Small villages of a dozen or so houses emerge around each bend in the highway that cuts through the snow-laced foothills of the Changbai Mountains. Farmers, mainly old men, putt-putt by on motorized carts laden with birch branches, steam pouring from their mouths in the single-digit cold. Bronze-colored cattle graze, and large, black pigs root between rows of corn stubble.
It is early January, and I am traveling with a carload of Chinese volunteers who will spend much of the day in the forest looking for traps and snares, which locals set to catch roe deer and boar. These are the main prey of the rare, big cats — both Siberian tigers and Amur leopards — that roam these hills, but the traps occasionally ensnare one of the critically endangered felines. Our goal is to find and dismantle the snares.
Over three days, several groups like ours hike over hill and valley, sometimes coming within five miles of the North Korean border. One group finds 11 traps one day, while ours finds none. On other days our group comes across only a few smaller snares. This is a good sign, Chinese forest service officials say, as it appears local hunters are putting out fewer traps.
We are in the heart of a 5,790-square-mile expanse stretching across the provinces of Jilin and Heilongjiang, a tongue of land in northeastern China wedged between North Korea to the south and Russia to the northeast. By the end of 2020, this area will become one of roughly ten national parks that China has pledged to establish over the next few years, as part of President Xi Jinping’s signature policy of creating an “Ecological Civilization.” The primary goal in the Changbai Mountain preserve: to give the Siberian tiger and Amur leopard room to roam.
At least 27 Siberian tigers and 42 Amur leopards live in the region where the national park will be established, according to Feng Limin, a biologist from Beijing Normal University. One of the originators of the idea for the national park, Feng has over the past several years been actively tracking tiger and leopard populations in Jilin and Heilongjiang using motion-activated cameras. Feng and his colleagues have counted and identified the individual big cats by the different striped patterns on the tigers and the varied arrangements of spots on the leopards.
These magnificent animals are part of remaining — and highly elusive —populations of Siberian tigers and Amur leopards in northeastern Asia. Siberian tigers, which can weigh more than 600 pounds and grow to more than 10 feet in length, now number about 550 in the wild, with the vast majority hanging on in the taiga of the Russian Far East. Amur leopards, which can weigh more than 100 pounds and grow to more than four feet in length, are now estimated to number roughly 80 in the wild, according to Dale Miquelle, a Vladivostok-based biologist with the Wildlife Conservation Society and a leading expert on the two cat species.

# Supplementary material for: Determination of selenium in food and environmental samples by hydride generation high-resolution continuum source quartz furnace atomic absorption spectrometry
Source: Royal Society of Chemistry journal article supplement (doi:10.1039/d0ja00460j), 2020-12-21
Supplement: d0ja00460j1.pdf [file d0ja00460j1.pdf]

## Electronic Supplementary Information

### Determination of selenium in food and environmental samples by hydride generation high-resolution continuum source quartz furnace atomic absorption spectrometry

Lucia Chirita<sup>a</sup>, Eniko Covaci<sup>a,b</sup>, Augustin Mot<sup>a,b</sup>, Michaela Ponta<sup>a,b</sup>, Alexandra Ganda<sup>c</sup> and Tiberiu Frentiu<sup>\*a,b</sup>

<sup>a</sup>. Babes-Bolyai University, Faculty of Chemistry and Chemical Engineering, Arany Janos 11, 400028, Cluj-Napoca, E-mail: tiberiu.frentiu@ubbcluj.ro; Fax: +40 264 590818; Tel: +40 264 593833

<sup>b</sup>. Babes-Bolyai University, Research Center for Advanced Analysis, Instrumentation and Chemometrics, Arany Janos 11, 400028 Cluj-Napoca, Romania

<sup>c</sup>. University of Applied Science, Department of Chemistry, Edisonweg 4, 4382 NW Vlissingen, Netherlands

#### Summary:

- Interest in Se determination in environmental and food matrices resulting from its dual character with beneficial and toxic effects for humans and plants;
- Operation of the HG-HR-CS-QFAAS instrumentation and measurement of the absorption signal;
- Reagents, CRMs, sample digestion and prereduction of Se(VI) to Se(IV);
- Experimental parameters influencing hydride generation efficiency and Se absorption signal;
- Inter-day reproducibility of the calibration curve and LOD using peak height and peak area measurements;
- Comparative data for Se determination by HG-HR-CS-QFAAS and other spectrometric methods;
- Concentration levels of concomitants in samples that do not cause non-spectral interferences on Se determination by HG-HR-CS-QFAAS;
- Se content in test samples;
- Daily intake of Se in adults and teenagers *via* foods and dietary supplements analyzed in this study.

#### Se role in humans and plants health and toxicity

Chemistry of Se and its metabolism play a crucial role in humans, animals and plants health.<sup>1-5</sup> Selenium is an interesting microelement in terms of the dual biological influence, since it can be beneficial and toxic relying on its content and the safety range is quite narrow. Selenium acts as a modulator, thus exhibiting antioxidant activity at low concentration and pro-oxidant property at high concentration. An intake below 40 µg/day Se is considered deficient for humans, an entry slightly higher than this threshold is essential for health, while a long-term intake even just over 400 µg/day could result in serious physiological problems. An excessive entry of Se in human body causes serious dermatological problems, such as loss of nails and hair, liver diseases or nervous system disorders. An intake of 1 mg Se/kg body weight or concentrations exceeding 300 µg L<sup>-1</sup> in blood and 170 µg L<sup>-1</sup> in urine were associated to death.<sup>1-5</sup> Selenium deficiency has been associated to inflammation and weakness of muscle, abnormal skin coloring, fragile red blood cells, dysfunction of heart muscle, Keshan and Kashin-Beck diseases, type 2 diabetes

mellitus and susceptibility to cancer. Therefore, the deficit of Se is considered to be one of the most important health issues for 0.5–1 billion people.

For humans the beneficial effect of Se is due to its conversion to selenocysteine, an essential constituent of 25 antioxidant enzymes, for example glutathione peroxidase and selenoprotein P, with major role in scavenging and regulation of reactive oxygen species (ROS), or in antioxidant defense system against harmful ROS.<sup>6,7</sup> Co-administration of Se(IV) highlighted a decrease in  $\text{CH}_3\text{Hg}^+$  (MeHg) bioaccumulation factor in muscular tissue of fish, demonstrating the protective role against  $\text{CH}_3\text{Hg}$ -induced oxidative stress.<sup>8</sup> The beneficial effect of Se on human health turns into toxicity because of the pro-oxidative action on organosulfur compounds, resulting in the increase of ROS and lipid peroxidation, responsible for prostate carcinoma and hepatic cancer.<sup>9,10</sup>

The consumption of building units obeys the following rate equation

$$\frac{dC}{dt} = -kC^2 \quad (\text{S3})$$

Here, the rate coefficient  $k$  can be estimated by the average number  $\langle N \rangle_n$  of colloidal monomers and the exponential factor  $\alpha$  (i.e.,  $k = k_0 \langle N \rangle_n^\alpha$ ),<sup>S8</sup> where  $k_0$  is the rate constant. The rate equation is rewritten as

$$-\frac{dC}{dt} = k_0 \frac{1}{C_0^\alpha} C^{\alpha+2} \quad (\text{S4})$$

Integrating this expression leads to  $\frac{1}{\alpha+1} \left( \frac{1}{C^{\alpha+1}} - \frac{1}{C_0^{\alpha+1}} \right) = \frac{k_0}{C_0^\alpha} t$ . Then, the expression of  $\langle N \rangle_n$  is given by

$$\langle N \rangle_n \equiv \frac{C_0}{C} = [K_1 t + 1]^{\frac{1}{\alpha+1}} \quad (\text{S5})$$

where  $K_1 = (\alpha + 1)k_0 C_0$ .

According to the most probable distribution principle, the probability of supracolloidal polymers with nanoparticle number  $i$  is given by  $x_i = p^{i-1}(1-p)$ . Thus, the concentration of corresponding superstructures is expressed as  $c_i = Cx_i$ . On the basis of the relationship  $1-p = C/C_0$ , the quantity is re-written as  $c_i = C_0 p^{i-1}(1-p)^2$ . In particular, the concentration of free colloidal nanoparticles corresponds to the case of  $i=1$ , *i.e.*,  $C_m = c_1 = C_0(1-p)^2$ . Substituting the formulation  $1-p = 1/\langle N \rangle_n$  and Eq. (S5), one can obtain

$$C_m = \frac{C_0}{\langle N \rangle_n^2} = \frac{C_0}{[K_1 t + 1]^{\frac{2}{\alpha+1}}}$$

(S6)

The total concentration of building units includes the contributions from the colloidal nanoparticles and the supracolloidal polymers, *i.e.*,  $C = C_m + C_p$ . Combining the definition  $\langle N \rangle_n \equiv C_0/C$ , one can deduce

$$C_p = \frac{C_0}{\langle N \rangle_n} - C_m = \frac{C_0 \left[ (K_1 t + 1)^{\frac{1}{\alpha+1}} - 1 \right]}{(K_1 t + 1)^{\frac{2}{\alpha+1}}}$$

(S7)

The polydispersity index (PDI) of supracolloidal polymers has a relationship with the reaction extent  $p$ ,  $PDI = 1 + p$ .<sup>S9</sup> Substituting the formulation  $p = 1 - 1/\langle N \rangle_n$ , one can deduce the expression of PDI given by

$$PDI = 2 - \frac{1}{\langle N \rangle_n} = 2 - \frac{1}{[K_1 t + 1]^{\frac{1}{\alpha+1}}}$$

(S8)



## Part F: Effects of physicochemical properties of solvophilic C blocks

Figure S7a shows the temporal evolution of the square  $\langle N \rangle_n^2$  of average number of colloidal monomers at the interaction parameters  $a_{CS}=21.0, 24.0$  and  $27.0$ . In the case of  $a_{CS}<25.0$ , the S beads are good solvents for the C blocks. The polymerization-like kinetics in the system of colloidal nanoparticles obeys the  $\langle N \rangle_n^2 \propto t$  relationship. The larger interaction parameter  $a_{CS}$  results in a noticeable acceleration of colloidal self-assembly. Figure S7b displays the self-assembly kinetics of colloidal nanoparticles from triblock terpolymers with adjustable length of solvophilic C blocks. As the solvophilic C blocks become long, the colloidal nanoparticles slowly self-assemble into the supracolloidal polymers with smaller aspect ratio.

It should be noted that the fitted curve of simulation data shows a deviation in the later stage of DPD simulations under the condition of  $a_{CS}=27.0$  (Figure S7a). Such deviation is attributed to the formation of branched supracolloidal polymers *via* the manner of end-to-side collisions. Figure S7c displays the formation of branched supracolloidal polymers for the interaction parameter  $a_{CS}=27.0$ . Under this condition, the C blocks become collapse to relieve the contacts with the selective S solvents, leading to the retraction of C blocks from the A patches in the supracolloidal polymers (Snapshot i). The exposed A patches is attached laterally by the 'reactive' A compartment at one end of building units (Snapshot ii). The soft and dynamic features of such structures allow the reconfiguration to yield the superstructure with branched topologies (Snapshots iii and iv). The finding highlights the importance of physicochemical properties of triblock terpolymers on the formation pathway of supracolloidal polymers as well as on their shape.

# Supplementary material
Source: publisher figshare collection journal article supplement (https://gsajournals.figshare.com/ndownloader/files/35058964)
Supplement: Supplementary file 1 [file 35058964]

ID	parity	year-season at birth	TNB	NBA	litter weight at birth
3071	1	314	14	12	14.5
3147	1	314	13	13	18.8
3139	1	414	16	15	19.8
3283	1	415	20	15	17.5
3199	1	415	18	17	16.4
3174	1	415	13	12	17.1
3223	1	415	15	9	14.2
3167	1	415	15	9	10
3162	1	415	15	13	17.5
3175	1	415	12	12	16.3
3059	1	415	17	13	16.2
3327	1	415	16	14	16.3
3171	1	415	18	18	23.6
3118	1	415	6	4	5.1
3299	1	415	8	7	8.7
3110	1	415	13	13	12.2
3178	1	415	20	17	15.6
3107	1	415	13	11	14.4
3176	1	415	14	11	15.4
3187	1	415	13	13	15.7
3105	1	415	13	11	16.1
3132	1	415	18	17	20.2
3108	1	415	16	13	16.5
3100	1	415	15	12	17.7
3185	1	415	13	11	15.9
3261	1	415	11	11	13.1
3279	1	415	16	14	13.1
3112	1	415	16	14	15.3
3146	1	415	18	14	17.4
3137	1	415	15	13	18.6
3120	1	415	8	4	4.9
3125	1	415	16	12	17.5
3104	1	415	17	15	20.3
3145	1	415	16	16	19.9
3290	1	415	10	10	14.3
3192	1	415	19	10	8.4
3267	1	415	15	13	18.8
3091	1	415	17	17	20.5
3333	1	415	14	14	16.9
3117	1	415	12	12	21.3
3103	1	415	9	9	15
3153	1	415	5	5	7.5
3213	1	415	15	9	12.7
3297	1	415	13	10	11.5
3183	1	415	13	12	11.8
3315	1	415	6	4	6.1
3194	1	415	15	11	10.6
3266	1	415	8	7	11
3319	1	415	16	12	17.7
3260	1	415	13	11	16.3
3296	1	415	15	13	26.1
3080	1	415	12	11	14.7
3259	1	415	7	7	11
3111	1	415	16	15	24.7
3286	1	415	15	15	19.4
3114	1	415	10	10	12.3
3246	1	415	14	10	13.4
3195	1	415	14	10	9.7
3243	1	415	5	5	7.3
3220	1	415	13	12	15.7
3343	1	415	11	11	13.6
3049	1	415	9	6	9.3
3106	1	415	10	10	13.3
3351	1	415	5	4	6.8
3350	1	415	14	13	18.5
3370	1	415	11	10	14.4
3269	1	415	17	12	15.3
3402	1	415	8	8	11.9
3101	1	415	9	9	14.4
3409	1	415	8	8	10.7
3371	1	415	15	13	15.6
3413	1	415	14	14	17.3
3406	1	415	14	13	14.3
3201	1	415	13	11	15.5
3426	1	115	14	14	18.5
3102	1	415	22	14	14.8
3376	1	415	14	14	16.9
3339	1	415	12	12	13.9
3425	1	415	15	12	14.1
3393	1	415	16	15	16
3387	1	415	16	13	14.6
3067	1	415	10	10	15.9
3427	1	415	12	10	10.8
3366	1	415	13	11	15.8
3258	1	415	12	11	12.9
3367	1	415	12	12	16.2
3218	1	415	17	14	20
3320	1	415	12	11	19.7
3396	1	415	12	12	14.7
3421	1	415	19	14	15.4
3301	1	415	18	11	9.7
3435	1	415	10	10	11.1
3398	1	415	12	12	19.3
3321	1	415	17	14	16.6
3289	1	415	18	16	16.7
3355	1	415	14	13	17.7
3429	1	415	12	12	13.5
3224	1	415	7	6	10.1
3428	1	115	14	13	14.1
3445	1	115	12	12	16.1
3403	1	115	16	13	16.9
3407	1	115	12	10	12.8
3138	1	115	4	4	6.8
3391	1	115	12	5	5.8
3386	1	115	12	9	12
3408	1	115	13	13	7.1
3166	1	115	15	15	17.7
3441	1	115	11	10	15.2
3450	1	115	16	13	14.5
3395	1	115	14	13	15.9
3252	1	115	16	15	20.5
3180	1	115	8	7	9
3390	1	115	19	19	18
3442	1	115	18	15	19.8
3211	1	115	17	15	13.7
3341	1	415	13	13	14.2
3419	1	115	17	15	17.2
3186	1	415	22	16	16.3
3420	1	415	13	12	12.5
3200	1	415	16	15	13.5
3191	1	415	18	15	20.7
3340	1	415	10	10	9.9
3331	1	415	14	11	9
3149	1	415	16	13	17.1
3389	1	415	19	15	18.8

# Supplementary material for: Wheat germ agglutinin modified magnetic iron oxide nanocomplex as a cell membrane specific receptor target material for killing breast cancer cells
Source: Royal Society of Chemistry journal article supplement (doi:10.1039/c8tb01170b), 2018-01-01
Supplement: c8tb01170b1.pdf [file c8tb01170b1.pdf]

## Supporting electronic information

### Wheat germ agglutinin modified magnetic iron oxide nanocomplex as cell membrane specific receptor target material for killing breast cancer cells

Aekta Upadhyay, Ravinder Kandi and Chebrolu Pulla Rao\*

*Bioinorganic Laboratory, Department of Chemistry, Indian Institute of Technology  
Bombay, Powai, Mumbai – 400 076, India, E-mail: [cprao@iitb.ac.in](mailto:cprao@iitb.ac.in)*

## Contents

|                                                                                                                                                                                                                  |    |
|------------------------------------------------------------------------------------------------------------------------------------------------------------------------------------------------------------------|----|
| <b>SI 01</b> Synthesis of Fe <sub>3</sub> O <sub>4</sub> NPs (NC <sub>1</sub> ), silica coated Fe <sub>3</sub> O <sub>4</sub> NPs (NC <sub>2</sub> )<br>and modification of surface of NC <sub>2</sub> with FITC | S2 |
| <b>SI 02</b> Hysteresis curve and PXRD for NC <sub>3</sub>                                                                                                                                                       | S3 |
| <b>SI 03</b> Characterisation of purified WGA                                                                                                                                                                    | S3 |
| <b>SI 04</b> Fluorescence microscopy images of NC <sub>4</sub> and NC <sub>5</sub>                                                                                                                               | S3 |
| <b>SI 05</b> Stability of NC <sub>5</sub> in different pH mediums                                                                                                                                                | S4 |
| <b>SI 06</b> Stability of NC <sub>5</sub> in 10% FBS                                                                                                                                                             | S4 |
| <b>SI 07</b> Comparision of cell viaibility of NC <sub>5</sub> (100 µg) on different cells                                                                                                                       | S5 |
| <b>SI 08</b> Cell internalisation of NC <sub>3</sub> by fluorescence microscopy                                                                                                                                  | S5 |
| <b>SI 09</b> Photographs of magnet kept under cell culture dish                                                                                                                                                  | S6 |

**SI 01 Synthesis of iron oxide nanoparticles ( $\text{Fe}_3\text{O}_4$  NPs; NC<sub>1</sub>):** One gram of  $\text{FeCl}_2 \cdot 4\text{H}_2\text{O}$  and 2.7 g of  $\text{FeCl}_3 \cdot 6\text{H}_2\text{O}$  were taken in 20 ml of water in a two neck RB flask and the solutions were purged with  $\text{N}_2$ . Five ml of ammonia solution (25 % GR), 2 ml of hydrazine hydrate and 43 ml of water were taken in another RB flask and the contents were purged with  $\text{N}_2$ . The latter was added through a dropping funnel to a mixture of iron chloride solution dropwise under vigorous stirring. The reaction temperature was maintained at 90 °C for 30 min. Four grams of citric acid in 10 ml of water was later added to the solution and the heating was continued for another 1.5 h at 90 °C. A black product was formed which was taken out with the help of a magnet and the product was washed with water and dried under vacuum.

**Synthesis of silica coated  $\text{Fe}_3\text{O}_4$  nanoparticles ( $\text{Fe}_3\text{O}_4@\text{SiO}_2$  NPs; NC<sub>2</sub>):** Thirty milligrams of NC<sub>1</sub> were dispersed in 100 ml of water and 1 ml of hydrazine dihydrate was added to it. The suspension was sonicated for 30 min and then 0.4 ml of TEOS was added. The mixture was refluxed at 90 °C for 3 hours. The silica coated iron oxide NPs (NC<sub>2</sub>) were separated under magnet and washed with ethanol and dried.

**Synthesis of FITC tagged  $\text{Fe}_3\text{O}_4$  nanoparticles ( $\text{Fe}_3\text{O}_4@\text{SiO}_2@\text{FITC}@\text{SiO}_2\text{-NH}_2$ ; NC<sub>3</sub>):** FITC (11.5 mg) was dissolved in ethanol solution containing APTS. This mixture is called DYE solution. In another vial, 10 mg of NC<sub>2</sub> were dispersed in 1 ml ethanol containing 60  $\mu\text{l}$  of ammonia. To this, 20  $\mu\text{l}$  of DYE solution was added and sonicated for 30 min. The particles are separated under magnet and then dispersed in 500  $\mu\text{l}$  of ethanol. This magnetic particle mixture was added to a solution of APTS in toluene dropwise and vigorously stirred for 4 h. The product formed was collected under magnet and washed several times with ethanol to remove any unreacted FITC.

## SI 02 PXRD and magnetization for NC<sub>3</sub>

After teetering on the verge of extinction, populations of both species — especially the Siberian tiger (Panthera tigris tigris) — are slowly rebounding. That invests the creation of China’s Northeast Tiger and Leopard National Park, which will be 60 percent larger than Yellowstone National Park, with added significance. The park’s location is critical, biologists say, as it will provide a refuge for tigers and leopards in China — where dense human populations have left the big cats more hemmed in than in sparsely populated Russian regions — and will enable the animals to roam between the two countries.
The fate of Siberian tigers and Amur leopards in neighboring North Korea remains unclear.
The fate of Siberian tigers and Amur leopards (Panthera pardus orientalis) in neighboring North Korea remains unclear. But researchers fear that few of the animals still survive in that isolated nation, as most of the trees in the mountains that extend into North Korea have been cut down for firewood, limiting cover for the big cats and their prey.
International conservation groups are hailing the creation of the new Chinese tiger park, which was announced last year.
“Nearly all of these animals that occur in China, both tigers and leopards, occur within the boundaries of the newly proposed park,” said Miquelle. “Compared to when I started working on tigers in China in 1998, this represents huge progress and should not be underestimated. Yes, there are still lots of people in the park, [but] we are hopeful that relocation programs are planned strategically to maximize space for tigers and minimize impact for humans.”
Miquelle believes the area could conceivably support a population of around 75 Siberian tigers — about triple today’s numbers. “In a world where there only about 3,500 tigers left,” said Miquelle, “that is a very significant contribution to the global population, and would tie into a much larger population on the Russian border.”
How fast the big cats can rebound will depend on how well the ecosystem in China is repaired, Miquelle and Feng say.
To create enough habitat for the big cats and their prey, Chinese officials are planning to relocate 70,000 to 80,000 local residents either outside of the park or into a few settlements within the park’s boundaries. How this large-scale relocation will be accomplished remains uncertain, but China’s authortarian government has a history of displacing large numbers of people for projects such as the Three Gorges Dam.